How to report a Phish sent to your Tufts email
Send the message to the Service Desk email@example.com. First, open a new email, and then add the phish email as an attachment. This will make it possible to see the “headers,” which is information that isn’t displayed in the message you’ve seen. The headers include lots of useful details about how the email has been routed. If you need help, just call the Service Desk at 617 627-3376.
Sample Phish Received at Tufts
Date: Thu, Aug 6, 2020 at 12:04 PM
Subject: Quick Request
Send me your available text number that I can reach you at ?? –
From: Tufts University <firstname.lastname@example.org>
Date: Tuesday, September 1, 2020 at 4:55 PM
To: "XXXXX@tufts.edu" <XXXXX@tufts.edu>
Subject: RE: Part-Time Intern!
Hello and welcome to Tufts University!
My name is Dr. Stephan Smith and I work as a clinical counselor for the Department of Disability Resources and Educational Services (DRES).
The Disability Resource Center (DRC) works in partnership with the University to eliminate, minimize barriers and facilitate inclusion on campus by providing services designed to support student success by creating a welcoming, inclusive and accessible environment in making a positive lifestyle changes.
The motive of this project is to give students like you the opportunity to make extra money during their terms of study and even after studies and to promote awareness and consistency in the application of best practices to students with disabilities statewide in making a positive lifestyle changes.
This job only consumes an hour or two of your day and could come up 3 times in a week, which gives you the opportunity to be $620.00 richer every other week. You will be paid in advance for all tasks and purchases to be done on my behalf.
I am currently away, helping the disabled students in Canada and upon my arrival we will discuss the possibility of making this a long-term employment if I am impressed with your services. My arrival is scheduled for the Third week of September, 2020.
To be considered for this position, reply with this information
Alternate email (different from school email):
From: John, Doe [JDoe@cheo.on.ca]
Sent: Wednesday, January 15, 2020 9:07 AM
Subject: IT-Service Desk.
Dear All, E-mail User
Please click on Outlook Web Access<https://XXXX-XXX--XX-authlogon-XXXXXX.weebly.com/> to update your outlook email account to the new secured version.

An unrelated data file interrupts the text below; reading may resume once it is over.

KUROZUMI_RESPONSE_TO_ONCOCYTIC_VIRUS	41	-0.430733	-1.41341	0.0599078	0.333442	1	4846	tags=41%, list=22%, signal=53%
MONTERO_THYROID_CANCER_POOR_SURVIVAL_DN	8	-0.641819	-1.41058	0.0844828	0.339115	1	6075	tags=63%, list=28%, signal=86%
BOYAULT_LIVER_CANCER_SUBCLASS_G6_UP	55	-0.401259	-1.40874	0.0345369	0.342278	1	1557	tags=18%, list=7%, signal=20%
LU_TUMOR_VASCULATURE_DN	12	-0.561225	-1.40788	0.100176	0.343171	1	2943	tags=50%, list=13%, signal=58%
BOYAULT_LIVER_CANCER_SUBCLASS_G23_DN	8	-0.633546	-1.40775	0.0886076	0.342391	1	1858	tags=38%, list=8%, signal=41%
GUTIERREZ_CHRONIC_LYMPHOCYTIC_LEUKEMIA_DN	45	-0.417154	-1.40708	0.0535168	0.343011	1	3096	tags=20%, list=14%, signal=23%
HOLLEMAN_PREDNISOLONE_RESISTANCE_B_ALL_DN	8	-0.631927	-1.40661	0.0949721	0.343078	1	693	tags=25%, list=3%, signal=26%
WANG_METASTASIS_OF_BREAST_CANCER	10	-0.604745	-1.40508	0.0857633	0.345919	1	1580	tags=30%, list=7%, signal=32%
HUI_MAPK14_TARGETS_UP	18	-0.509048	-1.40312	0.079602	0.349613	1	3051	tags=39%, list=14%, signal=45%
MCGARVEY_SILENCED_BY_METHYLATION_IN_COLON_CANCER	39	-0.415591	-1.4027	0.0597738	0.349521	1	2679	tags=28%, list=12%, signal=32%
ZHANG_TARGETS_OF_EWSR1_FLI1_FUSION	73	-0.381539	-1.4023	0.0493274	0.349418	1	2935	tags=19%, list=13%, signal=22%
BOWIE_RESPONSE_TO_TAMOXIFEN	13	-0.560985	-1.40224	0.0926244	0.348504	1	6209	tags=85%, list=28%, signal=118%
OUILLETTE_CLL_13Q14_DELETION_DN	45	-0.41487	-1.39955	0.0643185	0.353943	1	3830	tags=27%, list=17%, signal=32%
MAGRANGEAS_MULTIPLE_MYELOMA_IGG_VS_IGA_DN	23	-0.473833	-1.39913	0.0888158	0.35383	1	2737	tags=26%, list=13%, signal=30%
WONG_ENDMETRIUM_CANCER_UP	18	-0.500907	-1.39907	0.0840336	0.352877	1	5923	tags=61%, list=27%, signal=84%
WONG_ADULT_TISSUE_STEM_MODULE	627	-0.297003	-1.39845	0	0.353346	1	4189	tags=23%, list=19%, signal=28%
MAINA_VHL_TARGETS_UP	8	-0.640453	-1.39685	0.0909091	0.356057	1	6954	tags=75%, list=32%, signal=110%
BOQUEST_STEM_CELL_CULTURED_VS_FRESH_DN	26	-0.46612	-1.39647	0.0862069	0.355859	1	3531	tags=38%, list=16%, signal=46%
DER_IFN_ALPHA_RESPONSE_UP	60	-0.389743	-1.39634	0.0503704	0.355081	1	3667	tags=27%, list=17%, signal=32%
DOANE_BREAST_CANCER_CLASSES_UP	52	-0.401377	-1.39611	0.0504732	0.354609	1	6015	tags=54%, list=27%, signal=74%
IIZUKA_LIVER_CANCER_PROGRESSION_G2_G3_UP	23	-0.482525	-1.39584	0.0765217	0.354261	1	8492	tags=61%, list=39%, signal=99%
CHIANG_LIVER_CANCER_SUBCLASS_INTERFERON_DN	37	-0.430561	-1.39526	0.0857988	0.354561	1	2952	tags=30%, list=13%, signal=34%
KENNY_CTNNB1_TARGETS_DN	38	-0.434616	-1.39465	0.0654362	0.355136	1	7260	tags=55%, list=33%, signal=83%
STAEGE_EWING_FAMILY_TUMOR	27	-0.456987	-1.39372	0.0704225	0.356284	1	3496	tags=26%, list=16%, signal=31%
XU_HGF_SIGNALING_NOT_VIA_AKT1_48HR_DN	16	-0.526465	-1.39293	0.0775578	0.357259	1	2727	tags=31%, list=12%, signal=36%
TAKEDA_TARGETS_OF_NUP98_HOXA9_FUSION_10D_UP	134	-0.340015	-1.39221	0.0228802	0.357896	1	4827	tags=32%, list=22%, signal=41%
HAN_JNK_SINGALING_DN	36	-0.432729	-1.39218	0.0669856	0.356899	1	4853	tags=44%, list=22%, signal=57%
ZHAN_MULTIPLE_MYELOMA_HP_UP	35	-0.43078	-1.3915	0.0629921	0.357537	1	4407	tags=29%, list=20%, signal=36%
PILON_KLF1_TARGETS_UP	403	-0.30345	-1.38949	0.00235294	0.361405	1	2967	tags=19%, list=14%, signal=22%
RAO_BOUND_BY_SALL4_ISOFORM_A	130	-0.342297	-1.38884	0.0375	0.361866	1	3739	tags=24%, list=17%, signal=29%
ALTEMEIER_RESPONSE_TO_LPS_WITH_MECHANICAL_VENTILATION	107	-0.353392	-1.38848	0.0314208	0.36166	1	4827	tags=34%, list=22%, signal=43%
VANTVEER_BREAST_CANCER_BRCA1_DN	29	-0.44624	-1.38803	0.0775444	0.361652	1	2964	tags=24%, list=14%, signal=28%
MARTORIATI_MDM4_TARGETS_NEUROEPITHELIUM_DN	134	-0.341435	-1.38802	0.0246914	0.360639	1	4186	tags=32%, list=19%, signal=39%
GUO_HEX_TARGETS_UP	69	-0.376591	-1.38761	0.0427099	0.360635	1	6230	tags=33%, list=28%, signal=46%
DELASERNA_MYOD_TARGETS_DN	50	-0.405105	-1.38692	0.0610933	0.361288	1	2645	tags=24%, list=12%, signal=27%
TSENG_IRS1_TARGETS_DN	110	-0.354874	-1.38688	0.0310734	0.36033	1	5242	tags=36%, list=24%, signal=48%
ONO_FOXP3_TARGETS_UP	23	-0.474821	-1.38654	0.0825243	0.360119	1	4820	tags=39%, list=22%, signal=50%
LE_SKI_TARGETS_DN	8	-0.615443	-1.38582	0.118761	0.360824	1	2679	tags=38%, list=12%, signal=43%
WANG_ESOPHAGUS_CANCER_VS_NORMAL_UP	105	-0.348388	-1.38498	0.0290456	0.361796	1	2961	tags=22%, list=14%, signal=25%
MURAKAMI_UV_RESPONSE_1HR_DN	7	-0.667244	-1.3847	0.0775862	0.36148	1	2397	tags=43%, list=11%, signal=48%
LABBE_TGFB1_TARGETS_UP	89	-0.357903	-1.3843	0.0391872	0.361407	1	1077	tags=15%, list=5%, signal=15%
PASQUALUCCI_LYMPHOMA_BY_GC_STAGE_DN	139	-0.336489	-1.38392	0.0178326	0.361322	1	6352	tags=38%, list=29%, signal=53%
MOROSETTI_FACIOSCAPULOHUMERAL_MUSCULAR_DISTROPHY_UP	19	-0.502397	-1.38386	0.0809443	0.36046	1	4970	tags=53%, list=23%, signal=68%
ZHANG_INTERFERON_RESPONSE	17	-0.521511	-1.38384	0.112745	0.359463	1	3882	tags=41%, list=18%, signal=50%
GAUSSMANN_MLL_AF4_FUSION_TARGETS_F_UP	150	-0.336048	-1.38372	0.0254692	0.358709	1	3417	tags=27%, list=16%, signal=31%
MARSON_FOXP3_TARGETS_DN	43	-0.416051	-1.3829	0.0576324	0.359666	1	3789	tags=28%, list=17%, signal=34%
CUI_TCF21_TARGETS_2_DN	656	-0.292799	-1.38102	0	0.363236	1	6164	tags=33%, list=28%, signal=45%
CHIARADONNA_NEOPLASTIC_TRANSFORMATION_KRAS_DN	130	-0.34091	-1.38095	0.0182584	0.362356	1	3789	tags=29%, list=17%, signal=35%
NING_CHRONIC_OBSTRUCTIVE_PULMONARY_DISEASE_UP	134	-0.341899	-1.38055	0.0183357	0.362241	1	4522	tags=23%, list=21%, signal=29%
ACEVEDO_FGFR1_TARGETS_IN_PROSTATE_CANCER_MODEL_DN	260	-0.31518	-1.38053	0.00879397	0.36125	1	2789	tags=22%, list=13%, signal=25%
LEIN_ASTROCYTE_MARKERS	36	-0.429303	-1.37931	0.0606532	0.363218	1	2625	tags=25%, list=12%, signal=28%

From: "Information Technology" <IT@web.edu> <J_Doe@surg2.med.kyushu-u.ac.jp>
Sent: Tuesday, October 15, 2019 5:56 PM
Subject: Password Check Required Immediately
As part of ongoing efforts to maintain regulatory compliance we have updated our password policy and we need everyone to check their password immediately to ensure that it meets our Minimum Security Requirements.
Please click here to do that:
Please do this right away.
From: John Doe <JDoe@pcm.gob.pe>
Reply-To: "XXXXXXXXXX@tufts.edu" <XXXXXXXX@tufts.edu>
Date: Sunday, May 24, 2020 at 7:46 PM
Subject: Account Notification ( Treat Urgent )
Your Email Account was recently signed in from an unknown location.
Please click here for verification to avoid closure of your Email Account<https://discoveryXXXXXXXXXXXXXXXXXXX>
To complete this verification, simply or click here<https://discoveryXXXXXXXXXXXXXXXXX>
Common Vishing Phone Calls and Texts
These may be calls or texts by a person or a robocall or robotext.
- From the IRS - saying you owe money you must pay immediately. The call may threaten jail time or revoking your Driver’s License.
- The IRS will never ask for money to be paid over the phone.
- The IRS will not call offering big refunds.
- From immigration authorities threatening that you will be arrested and deported
- From the Social Security Administration offering help with future or current benefits and asking for your full Social Security number.
- From the police, threatening arrest or other action.
The imposters may ask you to give them your password or to click on a link in an email they send to update your email account or to use an updated service, such as the VPN.
These often claim they have detected a virus on our computer and ask to be given access to your computer to clean it.
These calls may ask to change where a payment is sent. They may also attempt to get bank account information. They may offer a special deal if you first make a payment.
These often target grandparents or other relatives and ask them to send gift cards or money orders.
The bail scam was targeted at families of college students in 2017.
These often say you need to first pay some amount to get your prize, or you have to give your bank account information or Social Security number for tax purposes.
These may be trying to get a recording of your voice saying “yes” to use as part of another scam. Ask instead Who is calling?
Some Common Tricks Vishers Use:
- Threatening a bad event unless you take immediate action
- Being especially nice to make you think they are calling to help you
- Spoofing the number that is calling to match a real, legitimate number
- Having another criminal follow-up with a separate call or email that seems to validate the first call
- Knowing the last 4 digits of your Social Security number
- Having noise in the background that sounds like a real office